Kurds across northern Iraq will soon vote in a referendum on independence, write Jon Alterman and Mara Karlin. If the vote is held, most observers think it will pass overwhelmingly. Yet many Kurdish political leaders harbor grave doubts about the wisdom of near-term independence. The Iraqi government, the Iranian government, the Turkish government, and the United States are all opposed to the referendum. Even so, the vote may happen. This post originally appeared on Defense One.
A dangerous game of chicken is being played over the future of Iraq. In less than a month, Kurds across northern Iraq are slated to vote in a referendum on independence. If the vote is held, most observers think it will pass overwhelmingly. Yet many Kurdish political leaders harbor grave doubts about the wisdom of near-term independence. All of the Kurds’ neighbors—the Iraqi government, the Iranian government, and the Turkish government—are deeply hostile to the referendum. The United States, which has done more to advance Iraqi Kurds’ interests than anyone in the last quarter century, is also firmly opposed. Even so, the vote may happen. No side wants to flinch first.
Last month, the Kurdistan Regional Government declared that it would call a referendum on independence on Sept. 25. In doing so, KRG President Masoud Barzani threw up his hands at the process of winning accommodation for Kurdish interests inside the Iraqi state. To be sure, the issue of Kurdish independence is a longstanding one. Kurds hoped for independence after World War I, thought they were on the road to securing it after the 1991 Gulf War, and pushed the idea again after Saddam Hussein fell in 2003. Each time, the Kurdish leadership heeded appeals for patience.
Kurds now say their patience has been exhausted. They feel abandoned by Baghdad, which they believe is exploiting the Kurdish Peshmerga fighting force while steering shrinking oil proceeds to southern Iraq. Kurds complain that they are being forced from cabinet positions and isolated as a small minority in parliament. They say the state is preoccupied with winning back Sunni Arab support after alienating them and providing fertile ground for ISIS, but that leaves the Kurds out of what is essentially an intra-Arab problem. Iraqi Kurdistan has its own energy reserves, and the widespread sentiment is that the Kurds should go it alone.
The Kurdish sentiment comes at a miserable time for Baghdad, which is still battling ISIS and struggling to resettle the 3 million Iraqis who remain displaced from their homes. For Prime Minister Abadi, who is running for reelection in April, a Kurdish vote to secede would cancel out the popularity bump he is enjoying because of the success against ISIS. The vote would also prompt a crisis in areas with large Kurdish populations outside the territory of the Kurdish Regional Government, including the disputed city of Kirkuk. Generations of resettlement have moved minority populations hither and yon in Iraq, but an independence vote would make the issue of borders an immediate crisis in a country that already has a host of them.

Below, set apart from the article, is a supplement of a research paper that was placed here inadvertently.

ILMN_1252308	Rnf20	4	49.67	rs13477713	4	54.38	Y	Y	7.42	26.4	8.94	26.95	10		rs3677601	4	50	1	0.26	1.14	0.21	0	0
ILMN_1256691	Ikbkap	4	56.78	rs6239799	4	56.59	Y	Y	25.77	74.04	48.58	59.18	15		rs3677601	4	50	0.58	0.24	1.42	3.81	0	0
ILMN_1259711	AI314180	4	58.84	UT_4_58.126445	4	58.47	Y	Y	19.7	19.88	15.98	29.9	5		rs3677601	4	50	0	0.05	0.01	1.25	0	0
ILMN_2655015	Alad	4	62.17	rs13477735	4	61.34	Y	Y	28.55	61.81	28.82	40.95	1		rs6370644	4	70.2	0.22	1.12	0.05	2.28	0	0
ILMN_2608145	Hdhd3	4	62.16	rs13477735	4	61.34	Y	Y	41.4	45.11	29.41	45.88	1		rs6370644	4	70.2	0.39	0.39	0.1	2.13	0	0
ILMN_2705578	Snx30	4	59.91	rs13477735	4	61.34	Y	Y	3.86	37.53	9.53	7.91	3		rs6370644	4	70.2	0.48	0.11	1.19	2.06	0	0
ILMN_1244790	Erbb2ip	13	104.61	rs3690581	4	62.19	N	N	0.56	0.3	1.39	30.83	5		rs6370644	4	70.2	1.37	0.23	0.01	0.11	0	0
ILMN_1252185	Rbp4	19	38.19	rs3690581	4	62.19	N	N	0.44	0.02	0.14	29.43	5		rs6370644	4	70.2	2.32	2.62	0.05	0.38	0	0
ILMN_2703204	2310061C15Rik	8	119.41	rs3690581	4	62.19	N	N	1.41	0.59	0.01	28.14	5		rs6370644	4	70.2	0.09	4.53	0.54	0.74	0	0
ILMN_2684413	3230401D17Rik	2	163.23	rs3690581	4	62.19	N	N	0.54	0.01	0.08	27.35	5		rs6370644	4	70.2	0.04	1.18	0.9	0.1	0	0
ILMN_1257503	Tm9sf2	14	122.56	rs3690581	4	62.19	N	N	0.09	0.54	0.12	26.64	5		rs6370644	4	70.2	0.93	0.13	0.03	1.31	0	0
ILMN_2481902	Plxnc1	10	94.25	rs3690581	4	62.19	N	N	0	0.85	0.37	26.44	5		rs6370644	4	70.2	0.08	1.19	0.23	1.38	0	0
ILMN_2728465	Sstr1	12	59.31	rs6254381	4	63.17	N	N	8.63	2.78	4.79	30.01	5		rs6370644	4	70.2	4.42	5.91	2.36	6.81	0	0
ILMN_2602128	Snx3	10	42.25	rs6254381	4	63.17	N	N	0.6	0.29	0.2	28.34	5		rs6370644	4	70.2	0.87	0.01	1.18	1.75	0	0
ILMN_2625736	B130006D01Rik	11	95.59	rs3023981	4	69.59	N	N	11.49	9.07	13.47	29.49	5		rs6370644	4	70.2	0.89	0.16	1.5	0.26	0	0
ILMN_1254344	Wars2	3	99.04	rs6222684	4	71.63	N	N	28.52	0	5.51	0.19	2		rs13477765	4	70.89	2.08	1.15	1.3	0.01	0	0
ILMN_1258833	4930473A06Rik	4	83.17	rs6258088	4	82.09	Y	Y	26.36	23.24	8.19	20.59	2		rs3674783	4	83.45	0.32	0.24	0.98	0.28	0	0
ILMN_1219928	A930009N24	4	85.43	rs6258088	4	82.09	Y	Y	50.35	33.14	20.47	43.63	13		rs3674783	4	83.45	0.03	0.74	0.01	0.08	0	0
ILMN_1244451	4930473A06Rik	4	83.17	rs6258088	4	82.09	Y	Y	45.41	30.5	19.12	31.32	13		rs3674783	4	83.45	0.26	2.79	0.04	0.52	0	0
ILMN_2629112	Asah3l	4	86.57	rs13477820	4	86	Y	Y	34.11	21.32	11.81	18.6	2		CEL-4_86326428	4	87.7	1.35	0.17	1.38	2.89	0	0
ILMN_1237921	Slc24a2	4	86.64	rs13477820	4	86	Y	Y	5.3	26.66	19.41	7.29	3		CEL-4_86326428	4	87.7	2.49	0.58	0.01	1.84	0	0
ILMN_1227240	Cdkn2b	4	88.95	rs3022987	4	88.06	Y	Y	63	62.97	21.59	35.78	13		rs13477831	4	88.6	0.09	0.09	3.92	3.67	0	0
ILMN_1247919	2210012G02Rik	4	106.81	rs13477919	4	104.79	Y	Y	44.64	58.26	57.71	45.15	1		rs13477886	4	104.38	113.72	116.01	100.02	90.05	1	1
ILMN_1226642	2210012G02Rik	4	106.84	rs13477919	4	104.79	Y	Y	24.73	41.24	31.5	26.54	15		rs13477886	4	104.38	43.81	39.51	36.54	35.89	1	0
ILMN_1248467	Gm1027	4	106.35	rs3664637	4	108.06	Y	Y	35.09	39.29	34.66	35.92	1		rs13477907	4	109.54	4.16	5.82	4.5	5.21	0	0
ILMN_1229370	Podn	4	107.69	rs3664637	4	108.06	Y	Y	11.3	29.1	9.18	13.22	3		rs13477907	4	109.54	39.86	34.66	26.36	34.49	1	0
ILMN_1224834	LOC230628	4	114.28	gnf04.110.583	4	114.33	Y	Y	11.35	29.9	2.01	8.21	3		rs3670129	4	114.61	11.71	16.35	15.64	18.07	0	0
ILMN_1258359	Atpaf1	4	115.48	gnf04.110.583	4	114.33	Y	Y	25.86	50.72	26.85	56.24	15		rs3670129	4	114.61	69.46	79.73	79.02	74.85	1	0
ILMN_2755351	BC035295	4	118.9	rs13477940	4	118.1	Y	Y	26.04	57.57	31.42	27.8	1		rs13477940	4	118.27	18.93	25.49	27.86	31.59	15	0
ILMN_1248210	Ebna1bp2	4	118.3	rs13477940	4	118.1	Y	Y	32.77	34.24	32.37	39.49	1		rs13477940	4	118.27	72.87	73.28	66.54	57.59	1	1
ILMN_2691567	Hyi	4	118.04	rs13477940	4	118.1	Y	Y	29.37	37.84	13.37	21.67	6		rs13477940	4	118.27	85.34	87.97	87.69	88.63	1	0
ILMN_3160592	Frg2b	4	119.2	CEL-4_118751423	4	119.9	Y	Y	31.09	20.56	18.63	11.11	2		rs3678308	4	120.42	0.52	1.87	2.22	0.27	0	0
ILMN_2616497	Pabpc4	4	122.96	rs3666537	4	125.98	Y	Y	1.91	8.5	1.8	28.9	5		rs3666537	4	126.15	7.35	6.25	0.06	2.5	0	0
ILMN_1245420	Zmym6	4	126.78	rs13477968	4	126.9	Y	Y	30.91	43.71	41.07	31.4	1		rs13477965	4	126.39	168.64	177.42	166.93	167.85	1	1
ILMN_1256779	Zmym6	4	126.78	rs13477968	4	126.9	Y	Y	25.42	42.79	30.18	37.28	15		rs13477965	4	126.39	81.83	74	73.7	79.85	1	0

Iran, which has invested heavily in Iraq, has its own reasons to keep the country together. After all, when Sunni Arab states sought to mold Iraq into a buffer state against Iran in the 1970s, Saddam Hussein invaded Iran in 1980 and his war created hundreds of thousands of Iranian casualties. Interested in its own regional influence, Iran would like to keep Iraq as its own buffer state against the Sunni Arabs, with a Shiite-dominated government that is solicitous of Iranian concerns. An Iraq in turmoil undermines that effort.
Beyond Baghdad and Tehran, the Turkish government is likely to be just as alarmed by a Kurdish independence vote. Kurds with Turkish citizenship far outnumber their Iraqi kinsmen, and Turkey suppressed its Kurdish minority for decades in order to maintain the unity of the Turkish state. Turkey’s deep investments in Iraqi Kurdistan were in part an effort to ensure friendly ties, but an independence vote that might inspire a similar one in Turkey would be seen as a hostile act.
With its neighbors united in alarm, the referendum threatens to push forward the process of creating a small landlocked state with no easy outlet for Iraqi Kurdistan’s energy or anything else. It is hardly a recipe for success.
The United States is strongly opposed to the referendum, too. It has invested deeply in Iraqi Kurdistan since 1991 and deeply in Iraq since 2003. In the U.S. accounting, Kurdish secession could mark the beginning of the dissolution of Iraq, antagonize important U.S. partners, and begin the formal unraveling of borders throughout the Middle East.
Each side wants the other to blink first. Kurdish leaders with whom we have spoken leave no doubt that they can be persuaded to delay the referendum—for a price. They argue that if the United States really wants to stop the referendum, it should lean on Baghdad to be more generous to the Kurds. Some hint that a call from Turkey’s President Erdogan might mollify Kurdish leadership, but none has been forthcoming. The United States would probably be able to prompt such a phone call from its NATO ally, but at what cost? Last week, Defense Secretary James Mattis pressed the Kurds to delay the referendum, but he offered no sticks and no carrots, and got no commitments.
The underlying problem here is that each side is treating the affair as a transaction. No side wants to give more than it has to, and each side wants another to make the largest concession. Time is running out. Games of chicken are often exhilarating, but they sometimes end in disaster.